ITIL Problem Management Best Practices

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ITIL Problem Management Best Practices
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Technical challenges disrupt the entire business operation and drain resources—result? Losses.

According to a study, unplanned application downtime costs Fortune 1000 nearly $1.25 to $2.5 billion annually. This requires a proactive and systematic approach to problem-solving.

Enter ITIL problem management, a strategic framework to tackle the root cause of IT incidents. Implementing ITIL problem management best practices allows you to transform your IT team from reactive firefighters into proactive problem-solvers by identifying, analyzing, and rectifying issues head-on.

Understanding the ITIL Problem Management Network

ITIL problem management interacts with several other processes in the ITIL service lifecycle, such as:

  1. Incident Management: They work together to fix glitches and stop major meltdowns.
  2. Service Design: Past problems help design more reliable services.
  3. Knowledge Management: They document solutions to known problems, building a library of helpful tips.
  4. Continual Service Improvement: By proactively identifying potential issues, they keep improving the overall IT experience.

Before you implement the ITIL problem management best practices, ensure you know the right problem management process flow.

IT Problem Management Process Flow

Because problem management focuses on offering permanent solutions, it starts by focusing on the problem. In IT, a problem is the root cause of numerous incidents.

While tackling the problem, here is the flow to align your strategy with:

  1. Problem detection
  2. Logging
  3. Investigation and Diagnosis
  4. KEDB (Known Error Database)
  5. Resolution 

ITIL Problem Management Best Practices

Traditionally, ITIL problem management is focused on identifying the root cause of issues. But what if we could leverage cutting-edge technologies to predict and prevent them? Here's how:

Use Data Analytics for Root Cause Analysis 

Root cause analysis reveals hidden correlations that can point directly at the root cause. Here is an example of using data analytics in action:

Problem: IT receives a surge of reports about slow network connections and application crashes 


  • Traditional solution: You might investigate individual incidents. Ultimately, they might suspect hardware issues or overloaded servers.
  • Solution using DA – You’d analyze network logs alongside software update timestamps using DA. The data analytics tool will reveal a correlation between the spike in network errors and the rollout of a recent software update. You quickly discover the root cause, allowing IT to focus on a targeted solution like a hotfix or rollback.

Apart from this, problem management software can bring the required additional help.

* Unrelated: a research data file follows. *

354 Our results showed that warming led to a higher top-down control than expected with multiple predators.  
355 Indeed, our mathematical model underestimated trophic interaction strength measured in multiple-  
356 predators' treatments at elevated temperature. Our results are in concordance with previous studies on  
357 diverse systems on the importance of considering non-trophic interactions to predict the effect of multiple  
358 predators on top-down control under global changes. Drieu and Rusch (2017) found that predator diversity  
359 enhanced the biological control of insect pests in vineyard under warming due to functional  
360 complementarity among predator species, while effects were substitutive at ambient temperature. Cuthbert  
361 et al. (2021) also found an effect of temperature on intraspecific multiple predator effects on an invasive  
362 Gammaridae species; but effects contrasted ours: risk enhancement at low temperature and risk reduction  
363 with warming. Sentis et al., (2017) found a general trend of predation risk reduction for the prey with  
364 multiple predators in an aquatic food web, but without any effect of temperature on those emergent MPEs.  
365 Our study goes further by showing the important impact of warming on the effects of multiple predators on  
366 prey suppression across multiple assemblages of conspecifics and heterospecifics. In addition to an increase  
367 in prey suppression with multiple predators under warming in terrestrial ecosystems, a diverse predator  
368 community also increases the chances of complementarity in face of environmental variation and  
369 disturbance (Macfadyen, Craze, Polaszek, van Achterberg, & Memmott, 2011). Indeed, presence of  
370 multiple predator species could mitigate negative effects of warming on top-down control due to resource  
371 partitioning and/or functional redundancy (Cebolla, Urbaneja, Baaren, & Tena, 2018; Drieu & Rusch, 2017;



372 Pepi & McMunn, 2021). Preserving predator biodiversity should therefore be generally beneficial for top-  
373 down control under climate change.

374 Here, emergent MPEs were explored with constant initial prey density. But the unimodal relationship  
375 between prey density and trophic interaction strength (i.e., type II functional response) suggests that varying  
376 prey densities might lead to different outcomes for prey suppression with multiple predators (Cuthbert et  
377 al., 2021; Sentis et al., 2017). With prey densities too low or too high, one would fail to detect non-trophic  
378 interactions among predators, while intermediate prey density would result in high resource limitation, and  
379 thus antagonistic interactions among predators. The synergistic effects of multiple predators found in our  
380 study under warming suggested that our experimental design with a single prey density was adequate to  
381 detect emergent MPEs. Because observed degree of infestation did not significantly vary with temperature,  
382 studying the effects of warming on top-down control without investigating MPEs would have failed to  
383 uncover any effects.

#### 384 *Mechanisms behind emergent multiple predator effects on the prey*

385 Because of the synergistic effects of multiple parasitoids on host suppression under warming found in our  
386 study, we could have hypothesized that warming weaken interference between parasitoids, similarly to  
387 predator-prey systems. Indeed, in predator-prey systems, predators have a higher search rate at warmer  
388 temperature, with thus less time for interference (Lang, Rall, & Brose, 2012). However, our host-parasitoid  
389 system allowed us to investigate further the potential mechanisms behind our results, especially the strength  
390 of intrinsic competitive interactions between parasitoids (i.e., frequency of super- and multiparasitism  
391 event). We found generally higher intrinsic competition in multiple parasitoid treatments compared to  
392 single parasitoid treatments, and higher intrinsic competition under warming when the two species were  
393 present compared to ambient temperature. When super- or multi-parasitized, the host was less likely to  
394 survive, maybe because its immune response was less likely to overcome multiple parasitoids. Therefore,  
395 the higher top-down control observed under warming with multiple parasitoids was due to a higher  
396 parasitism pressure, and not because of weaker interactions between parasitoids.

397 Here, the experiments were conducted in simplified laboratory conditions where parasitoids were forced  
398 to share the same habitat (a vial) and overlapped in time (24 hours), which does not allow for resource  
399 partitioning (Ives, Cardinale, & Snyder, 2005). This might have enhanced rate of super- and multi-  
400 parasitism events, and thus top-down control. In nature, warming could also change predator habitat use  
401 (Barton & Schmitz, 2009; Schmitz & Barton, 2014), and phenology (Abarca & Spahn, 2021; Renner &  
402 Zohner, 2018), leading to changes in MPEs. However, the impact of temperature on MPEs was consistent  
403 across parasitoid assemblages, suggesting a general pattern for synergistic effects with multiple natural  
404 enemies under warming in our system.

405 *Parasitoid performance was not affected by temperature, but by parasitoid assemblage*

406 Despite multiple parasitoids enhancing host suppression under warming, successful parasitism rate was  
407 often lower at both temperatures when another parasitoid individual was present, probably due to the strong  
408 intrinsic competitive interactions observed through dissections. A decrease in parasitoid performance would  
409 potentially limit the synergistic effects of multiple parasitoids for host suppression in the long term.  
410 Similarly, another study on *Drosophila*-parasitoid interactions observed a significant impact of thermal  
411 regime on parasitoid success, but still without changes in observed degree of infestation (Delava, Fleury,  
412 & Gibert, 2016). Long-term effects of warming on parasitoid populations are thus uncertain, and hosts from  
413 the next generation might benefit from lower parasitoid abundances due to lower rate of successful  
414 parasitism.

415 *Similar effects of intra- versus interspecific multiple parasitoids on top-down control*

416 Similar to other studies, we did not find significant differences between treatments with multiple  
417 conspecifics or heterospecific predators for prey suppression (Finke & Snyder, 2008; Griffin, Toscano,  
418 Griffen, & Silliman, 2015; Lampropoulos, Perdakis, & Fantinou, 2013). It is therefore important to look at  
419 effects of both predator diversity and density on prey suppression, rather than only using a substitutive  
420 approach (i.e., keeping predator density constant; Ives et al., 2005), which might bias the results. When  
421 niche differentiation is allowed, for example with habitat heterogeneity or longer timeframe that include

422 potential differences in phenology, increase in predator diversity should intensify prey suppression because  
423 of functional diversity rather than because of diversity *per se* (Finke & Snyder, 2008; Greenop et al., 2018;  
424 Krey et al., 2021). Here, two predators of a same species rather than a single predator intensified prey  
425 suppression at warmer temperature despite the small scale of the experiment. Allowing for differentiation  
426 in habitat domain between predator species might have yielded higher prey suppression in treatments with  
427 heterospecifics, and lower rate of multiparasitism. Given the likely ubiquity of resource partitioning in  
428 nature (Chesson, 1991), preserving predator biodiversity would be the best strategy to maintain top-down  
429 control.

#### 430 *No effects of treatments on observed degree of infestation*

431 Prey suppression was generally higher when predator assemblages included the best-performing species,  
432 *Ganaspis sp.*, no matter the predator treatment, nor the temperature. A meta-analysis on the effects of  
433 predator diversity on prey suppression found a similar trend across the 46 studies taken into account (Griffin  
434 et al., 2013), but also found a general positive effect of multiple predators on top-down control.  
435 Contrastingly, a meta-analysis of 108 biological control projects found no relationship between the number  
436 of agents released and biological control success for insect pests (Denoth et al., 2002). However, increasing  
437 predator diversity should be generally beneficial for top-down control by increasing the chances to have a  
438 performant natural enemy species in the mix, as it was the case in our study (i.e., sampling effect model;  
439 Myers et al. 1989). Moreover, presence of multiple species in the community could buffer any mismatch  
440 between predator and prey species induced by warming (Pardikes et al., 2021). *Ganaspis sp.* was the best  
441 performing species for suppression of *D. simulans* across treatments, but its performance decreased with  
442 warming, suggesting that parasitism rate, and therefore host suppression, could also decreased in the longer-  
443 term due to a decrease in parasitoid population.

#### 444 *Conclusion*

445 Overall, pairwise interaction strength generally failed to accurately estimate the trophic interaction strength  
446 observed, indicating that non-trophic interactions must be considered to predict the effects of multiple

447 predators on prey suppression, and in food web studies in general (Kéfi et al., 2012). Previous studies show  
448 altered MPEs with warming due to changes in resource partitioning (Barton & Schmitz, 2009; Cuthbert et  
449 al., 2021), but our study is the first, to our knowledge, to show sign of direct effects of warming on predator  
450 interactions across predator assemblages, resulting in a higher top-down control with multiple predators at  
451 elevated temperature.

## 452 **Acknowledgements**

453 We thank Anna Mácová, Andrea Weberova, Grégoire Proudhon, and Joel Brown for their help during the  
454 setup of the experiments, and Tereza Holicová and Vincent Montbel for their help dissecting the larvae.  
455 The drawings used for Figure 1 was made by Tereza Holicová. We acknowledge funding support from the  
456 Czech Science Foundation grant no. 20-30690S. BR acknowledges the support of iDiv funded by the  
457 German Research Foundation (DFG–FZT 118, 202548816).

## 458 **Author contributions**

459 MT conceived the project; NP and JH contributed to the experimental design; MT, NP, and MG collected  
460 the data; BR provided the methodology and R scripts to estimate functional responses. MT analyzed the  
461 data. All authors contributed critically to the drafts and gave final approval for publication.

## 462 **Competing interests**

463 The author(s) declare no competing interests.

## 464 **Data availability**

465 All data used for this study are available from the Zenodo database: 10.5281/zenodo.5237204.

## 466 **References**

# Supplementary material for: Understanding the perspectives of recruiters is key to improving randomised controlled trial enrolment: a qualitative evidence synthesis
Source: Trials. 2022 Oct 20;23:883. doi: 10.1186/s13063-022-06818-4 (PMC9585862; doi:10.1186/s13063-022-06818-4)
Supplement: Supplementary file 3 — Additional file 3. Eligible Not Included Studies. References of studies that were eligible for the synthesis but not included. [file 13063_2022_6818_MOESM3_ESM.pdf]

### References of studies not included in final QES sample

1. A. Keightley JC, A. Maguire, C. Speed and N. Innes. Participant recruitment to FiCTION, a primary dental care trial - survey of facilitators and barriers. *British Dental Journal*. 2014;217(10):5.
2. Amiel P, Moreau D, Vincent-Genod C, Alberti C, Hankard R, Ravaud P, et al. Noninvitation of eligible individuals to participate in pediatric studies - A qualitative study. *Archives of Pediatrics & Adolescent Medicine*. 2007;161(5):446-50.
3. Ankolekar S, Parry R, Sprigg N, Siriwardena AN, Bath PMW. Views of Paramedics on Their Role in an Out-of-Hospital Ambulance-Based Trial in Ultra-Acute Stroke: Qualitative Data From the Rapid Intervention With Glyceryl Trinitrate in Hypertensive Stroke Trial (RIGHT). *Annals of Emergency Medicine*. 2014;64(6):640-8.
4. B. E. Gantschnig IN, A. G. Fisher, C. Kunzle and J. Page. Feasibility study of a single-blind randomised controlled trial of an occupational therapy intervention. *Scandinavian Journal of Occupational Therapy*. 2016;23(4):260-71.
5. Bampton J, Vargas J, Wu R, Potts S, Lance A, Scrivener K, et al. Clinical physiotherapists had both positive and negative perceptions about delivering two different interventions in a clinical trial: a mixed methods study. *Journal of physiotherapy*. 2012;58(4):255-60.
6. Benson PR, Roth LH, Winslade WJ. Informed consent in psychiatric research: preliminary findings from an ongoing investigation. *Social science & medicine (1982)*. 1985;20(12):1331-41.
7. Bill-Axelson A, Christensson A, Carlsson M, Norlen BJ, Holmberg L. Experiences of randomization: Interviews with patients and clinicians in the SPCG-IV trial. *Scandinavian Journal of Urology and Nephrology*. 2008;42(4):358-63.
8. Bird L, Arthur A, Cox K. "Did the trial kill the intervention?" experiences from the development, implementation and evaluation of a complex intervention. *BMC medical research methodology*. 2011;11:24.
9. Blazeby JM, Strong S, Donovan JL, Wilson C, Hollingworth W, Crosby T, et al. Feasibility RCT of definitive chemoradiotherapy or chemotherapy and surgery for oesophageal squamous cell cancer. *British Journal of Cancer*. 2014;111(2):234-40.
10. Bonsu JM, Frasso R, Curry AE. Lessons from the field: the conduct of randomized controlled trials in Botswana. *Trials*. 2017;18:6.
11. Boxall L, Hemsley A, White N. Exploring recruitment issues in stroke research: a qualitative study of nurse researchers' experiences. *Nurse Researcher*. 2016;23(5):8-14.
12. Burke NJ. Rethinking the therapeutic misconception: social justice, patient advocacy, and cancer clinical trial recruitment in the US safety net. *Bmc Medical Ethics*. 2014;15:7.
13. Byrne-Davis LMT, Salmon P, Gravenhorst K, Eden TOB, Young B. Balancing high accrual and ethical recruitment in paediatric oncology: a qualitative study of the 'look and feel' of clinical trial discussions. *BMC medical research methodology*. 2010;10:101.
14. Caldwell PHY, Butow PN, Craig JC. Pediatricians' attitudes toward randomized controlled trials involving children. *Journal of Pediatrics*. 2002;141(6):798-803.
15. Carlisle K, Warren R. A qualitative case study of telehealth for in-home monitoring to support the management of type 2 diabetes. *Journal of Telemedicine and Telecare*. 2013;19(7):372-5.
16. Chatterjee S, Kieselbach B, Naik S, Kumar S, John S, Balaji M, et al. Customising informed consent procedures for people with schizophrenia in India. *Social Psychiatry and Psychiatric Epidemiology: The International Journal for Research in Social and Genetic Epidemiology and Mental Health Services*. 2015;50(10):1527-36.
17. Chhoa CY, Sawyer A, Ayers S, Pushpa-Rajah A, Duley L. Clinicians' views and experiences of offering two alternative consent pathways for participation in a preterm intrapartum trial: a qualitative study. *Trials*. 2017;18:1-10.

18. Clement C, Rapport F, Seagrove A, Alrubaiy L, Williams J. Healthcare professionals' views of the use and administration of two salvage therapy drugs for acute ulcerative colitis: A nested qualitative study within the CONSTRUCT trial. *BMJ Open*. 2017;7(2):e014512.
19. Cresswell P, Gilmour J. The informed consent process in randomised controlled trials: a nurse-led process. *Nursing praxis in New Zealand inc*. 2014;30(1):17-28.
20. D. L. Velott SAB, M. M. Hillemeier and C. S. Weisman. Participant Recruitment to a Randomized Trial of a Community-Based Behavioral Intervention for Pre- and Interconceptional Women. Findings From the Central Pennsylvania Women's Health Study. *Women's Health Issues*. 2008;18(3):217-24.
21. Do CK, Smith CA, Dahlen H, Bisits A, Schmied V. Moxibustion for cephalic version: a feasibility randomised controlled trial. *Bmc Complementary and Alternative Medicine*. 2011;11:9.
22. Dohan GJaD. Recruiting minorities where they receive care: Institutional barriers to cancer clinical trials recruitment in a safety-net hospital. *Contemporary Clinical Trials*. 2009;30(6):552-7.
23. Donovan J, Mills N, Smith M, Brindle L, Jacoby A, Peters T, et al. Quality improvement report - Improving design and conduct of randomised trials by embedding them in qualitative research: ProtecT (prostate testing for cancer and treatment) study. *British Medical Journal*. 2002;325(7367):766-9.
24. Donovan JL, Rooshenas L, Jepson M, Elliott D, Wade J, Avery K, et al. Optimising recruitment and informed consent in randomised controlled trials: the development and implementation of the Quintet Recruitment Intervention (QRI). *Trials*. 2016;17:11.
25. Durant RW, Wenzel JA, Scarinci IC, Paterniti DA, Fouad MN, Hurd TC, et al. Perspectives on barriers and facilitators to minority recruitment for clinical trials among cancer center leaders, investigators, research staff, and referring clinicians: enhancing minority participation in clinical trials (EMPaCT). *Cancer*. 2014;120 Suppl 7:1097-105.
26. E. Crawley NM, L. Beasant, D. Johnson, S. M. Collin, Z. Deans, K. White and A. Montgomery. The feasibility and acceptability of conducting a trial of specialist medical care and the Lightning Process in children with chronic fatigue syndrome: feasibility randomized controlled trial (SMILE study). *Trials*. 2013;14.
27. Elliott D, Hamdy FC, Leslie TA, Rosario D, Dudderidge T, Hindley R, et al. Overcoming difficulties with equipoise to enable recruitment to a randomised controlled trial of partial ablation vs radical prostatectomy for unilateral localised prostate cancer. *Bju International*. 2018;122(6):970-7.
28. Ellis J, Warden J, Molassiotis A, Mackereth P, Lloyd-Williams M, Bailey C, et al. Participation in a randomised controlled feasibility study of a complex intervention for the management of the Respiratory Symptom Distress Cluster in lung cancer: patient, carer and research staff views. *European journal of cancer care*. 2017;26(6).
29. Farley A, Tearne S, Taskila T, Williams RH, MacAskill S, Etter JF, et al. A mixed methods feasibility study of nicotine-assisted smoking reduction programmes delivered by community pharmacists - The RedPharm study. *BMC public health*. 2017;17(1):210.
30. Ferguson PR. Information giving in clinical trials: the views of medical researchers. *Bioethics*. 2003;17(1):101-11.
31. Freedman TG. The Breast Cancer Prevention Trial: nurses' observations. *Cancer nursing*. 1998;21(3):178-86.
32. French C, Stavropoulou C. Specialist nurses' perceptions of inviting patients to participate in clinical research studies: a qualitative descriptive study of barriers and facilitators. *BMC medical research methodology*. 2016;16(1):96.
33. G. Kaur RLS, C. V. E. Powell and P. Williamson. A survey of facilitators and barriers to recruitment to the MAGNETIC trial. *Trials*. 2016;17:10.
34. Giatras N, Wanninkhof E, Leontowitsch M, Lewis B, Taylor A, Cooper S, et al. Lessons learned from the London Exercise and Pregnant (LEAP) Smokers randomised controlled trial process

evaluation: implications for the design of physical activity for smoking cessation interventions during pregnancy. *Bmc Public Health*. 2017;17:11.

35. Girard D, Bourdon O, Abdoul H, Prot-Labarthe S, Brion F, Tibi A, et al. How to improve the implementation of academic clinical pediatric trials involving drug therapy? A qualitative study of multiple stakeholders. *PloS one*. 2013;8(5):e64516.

Differentiation, Categorization, and Prioritization of Incidents and Problems

Knowing the difference between an incident and a problem is crucial when implementing IT problem management best practices. This will prevent you from choosing the wrong IT process flow.

An incident is an event caused by a problem. For example, if your users repeatedly encounter difficulty accessing the business app in one go, this is treated as a separate incident when reported.

But beneath these incidents, you discover a common issue—server malfunction. 

Distinguishing these two and recording them differently provides a more comprehensive picture. Remember to give each problem unique IDs. Consequently, the right steps can be taken. 

Today, you can move beyond manual categorization by leveraging AI-powered tools to analyze incident reports, identify patterns, and automatically classify incidents based on urgency, severity, and potential root cause.

Using GenAI for Proactive Prediction and Prevention

Traditionally, businesses investigate the cause of fires. However, some situations can be prevented beforehand by predicting their occurrence. 

Don't wait for problems to strike! Use advanced analytics to forecast trends and identify potential issues before they erupt into full-blown incidents. Conduct a thorough analysis of trends, patterns, and recurring issues using past and present data. GenAI helps you quickly analyze vast data, detect subtle patterns, and indicate the problem

Here is an example:

Your GenAI sidekick analyzes incident history, system performance metrics, and logs. It spots slowdowns during peak usages, identifies anomalies, and recommends proactive measures to address underlying issues.

Keep Your Known Error Database Updated

KEDB is crucial for many reasons, but most importantly, it prevents you from reinventing the wheel! An error becomes a “known error” if it has a temporary solution but not a permanent one. Create a central knowledge base of “known errors” and document solutions to past problems. This will help you:

  • Look for workarounds in the future
  • Analyze trends
  • Understand its impact on IT
  • And look for permanent solutions

And don’t forget:

  • To delete the errors that have found their permanent solutions. 
  • To use tech for auto-updates, GenAI analysis, and smart search to find solutions faster and predict future issues.

Count on Collaboration

Problem-solving thrives on diverse perspectives. The best solution to any problem is to foster collaboration across multiple organizational stakeholders, IT teams, and service desk personnel with firsthand experience with incidents and user feedback.